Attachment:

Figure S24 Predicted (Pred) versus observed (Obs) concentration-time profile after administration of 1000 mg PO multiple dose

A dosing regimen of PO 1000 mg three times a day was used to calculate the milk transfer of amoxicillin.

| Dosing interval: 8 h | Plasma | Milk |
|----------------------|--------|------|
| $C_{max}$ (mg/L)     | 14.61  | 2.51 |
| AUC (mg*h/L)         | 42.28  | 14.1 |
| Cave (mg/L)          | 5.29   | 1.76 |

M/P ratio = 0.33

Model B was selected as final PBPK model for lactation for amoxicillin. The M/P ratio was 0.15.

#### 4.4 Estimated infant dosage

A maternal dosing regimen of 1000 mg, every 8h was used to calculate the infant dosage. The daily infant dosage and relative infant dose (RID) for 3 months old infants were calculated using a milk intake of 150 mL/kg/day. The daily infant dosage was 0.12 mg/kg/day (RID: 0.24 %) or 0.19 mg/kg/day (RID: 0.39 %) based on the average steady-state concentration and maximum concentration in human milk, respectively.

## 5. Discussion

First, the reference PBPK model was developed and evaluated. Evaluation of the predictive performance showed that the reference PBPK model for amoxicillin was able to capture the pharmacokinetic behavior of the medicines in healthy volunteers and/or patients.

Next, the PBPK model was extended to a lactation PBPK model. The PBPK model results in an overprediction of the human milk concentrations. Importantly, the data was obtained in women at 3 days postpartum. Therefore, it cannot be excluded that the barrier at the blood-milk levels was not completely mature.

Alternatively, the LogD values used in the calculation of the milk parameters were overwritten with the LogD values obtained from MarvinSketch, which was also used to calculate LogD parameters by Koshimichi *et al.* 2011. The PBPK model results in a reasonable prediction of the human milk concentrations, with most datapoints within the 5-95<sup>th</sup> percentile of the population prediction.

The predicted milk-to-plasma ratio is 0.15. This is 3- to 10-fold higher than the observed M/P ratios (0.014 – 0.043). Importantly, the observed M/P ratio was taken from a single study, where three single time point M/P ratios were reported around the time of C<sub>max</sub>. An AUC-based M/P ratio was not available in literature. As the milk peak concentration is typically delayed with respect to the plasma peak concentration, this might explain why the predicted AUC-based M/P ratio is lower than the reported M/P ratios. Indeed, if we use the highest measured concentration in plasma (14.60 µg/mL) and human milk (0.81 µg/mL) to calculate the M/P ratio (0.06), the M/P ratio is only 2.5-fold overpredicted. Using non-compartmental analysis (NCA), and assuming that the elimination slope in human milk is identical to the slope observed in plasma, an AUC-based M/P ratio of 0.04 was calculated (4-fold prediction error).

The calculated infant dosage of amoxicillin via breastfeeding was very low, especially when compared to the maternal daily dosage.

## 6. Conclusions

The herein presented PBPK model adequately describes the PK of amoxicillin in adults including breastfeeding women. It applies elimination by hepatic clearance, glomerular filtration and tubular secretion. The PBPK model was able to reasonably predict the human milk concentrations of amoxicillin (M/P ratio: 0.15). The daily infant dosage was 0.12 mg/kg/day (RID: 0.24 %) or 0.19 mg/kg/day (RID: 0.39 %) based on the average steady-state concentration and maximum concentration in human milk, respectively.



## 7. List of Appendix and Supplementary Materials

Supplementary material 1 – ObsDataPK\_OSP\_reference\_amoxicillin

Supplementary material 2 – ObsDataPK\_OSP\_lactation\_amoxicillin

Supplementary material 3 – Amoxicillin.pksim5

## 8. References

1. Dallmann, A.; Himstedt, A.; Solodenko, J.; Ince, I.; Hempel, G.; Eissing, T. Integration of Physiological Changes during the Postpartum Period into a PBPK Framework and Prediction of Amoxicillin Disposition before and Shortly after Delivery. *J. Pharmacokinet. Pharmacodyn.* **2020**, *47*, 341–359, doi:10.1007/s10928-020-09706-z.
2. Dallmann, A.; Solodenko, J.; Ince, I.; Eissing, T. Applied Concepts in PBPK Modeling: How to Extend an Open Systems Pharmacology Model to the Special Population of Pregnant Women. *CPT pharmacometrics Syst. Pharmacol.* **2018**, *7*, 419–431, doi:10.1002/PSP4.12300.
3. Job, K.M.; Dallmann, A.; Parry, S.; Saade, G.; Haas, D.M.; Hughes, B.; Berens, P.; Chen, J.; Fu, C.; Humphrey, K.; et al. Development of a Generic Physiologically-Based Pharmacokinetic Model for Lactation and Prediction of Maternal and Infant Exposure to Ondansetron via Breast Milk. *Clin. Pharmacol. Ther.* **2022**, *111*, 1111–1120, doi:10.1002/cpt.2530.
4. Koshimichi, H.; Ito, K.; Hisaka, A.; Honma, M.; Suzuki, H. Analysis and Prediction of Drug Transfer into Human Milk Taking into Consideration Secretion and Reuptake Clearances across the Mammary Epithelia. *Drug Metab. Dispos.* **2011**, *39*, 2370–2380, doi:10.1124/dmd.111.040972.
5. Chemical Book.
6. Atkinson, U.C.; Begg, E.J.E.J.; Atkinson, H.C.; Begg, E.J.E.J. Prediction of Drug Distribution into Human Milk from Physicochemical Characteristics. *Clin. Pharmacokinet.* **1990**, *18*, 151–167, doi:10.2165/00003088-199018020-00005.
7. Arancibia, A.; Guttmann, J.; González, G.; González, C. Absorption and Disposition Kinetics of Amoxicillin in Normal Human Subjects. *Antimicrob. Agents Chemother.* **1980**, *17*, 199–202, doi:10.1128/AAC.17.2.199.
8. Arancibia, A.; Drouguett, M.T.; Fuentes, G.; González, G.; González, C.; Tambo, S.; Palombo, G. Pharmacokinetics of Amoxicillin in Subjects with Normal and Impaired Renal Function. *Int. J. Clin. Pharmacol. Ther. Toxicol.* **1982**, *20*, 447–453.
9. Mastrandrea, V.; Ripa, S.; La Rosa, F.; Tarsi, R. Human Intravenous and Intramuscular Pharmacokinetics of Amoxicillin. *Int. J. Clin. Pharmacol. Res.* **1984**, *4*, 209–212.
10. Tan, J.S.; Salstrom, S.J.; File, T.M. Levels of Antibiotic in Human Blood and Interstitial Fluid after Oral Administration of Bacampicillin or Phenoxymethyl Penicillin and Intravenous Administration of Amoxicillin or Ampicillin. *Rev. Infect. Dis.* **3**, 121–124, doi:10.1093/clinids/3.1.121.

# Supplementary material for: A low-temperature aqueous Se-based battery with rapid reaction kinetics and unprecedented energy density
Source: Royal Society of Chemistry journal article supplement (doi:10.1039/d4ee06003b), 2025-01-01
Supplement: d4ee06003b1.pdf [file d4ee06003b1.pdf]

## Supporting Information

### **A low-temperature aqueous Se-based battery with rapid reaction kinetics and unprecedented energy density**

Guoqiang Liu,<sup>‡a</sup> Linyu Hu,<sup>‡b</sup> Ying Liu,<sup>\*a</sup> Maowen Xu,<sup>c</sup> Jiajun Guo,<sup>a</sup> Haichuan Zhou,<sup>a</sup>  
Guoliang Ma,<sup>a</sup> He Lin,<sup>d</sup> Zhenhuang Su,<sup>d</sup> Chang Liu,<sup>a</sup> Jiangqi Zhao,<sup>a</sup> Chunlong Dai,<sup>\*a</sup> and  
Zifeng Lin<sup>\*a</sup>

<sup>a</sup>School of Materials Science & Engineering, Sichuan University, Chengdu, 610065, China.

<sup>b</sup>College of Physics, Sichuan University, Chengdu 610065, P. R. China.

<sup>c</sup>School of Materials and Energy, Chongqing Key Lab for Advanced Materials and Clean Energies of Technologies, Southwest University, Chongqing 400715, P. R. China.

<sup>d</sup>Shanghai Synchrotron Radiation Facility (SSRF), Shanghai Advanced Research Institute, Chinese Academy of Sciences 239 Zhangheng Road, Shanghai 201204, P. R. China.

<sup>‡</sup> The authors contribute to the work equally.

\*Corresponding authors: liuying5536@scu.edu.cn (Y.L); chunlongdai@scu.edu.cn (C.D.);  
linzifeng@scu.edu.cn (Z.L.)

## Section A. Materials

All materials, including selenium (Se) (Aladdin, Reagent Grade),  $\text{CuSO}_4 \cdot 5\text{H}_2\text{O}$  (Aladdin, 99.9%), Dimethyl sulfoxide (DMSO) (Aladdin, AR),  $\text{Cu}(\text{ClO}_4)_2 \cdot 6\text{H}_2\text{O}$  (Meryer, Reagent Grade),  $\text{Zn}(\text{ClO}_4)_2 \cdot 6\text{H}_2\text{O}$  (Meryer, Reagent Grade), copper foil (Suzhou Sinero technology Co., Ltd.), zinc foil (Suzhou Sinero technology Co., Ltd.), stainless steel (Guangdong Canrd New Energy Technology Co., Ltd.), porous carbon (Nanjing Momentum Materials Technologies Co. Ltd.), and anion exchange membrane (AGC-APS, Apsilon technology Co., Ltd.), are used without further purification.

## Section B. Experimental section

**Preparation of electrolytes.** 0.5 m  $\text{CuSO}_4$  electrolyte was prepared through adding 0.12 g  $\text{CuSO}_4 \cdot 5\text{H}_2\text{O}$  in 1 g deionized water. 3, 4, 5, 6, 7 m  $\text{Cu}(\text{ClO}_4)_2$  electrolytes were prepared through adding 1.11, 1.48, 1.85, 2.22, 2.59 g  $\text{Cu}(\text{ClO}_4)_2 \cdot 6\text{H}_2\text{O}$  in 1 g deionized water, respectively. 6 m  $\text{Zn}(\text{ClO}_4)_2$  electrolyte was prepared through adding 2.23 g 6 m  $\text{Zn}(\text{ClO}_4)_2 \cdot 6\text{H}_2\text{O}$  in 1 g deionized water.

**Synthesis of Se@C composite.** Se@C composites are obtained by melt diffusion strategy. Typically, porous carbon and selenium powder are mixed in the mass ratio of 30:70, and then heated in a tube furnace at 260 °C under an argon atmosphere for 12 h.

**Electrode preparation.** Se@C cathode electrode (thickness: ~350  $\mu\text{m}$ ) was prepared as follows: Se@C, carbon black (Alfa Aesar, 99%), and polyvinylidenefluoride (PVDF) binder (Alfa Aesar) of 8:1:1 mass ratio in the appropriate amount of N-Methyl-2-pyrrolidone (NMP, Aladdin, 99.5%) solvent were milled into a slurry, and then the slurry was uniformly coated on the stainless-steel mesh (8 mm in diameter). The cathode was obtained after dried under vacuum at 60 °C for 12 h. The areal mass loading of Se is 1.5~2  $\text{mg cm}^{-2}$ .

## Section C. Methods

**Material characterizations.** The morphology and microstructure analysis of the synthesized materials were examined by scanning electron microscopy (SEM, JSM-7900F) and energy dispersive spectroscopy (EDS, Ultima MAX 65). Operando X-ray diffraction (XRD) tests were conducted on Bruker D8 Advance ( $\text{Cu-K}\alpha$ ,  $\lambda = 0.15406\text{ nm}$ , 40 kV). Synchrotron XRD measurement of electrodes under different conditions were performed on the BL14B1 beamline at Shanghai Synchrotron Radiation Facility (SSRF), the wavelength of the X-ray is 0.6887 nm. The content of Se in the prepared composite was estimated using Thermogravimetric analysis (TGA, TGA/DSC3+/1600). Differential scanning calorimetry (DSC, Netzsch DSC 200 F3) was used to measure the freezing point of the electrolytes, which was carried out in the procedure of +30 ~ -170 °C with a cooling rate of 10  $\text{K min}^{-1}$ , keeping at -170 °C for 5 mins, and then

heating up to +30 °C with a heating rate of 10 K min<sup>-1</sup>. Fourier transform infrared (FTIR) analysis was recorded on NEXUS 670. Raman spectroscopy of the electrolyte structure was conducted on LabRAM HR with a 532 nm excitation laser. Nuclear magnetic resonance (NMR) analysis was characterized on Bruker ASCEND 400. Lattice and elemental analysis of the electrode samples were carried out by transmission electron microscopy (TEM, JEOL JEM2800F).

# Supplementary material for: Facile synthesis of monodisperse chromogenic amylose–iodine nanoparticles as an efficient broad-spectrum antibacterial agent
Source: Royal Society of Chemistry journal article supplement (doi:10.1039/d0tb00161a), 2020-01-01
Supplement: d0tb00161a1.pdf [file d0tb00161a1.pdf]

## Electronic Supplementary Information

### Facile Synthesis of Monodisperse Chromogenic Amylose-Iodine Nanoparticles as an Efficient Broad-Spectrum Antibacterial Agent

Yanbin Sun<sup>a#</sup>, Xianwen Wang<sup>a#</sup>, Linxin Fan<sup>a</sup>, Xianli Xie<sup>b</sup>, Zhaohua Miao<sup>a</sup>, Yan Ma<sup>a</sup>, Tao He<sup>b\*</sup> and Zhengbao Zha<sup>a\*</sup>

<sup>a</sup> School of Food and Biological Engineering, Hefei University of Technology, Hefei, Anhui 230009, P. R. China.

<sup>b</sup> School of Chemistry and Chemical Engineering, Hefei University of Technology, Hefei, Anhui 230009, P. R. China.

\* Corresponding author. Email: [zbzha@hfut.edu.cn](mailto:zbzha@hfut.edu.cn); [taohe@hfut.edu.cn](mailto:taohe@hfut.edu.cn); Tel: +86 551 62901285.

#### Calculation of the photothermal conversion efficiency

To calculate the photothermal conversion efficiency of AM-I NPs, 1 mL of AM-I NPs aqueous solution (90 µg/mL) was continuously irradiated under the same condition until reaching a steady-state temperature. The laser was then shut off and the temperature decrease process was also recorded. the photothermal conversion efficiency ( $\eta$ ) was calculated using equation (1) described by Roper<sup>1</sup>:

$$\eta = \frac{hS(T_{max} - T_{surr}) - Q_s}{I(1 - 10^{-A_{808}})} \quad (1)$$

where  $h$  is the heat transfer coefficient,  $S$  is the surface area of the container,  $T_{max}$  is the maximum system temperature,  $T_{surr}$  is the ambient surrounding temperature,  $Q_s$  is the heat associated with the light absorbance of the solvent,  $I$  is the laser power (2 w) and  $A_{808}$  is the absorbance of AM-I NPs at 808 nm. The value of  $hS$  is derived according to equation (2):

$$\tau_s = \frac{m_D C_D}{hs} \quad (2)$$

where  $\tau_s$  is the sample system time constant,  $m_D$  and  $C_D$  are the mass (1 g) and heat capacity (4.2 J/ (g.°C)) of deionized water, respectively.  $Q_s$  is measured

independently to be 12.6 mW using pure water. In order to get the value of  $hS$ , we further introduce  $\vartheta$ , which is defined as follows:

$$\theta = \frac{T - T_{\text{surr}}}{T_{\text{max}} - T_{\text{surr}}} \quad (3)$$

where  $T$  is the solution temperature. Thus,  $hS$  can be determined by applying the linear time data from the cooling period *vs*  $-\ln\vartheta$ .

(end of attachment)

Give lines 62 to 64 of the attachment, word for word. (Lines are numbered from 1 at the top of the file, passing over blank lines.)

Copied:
## Electronic Supplementary Information

### Facile Synthesis of Monodisperse Chromogenic Amylose-Iodine Nanoparticles as an Efficient Broad-Spectrum Antibacterial Agent

Yanbin Sun<sup>a#</sup>, Xianwen Wang<sup>a#</sup>, Linxin Fan<sup>a</sup>, Xianli Xie<sup>b</sup>, Zhaohua Miao<sup>a</sup>, Yan Ma<sup>a</sup>, Tao He<sup>b\*</sup> and Zhengbao Zha<sup>a\*</sup>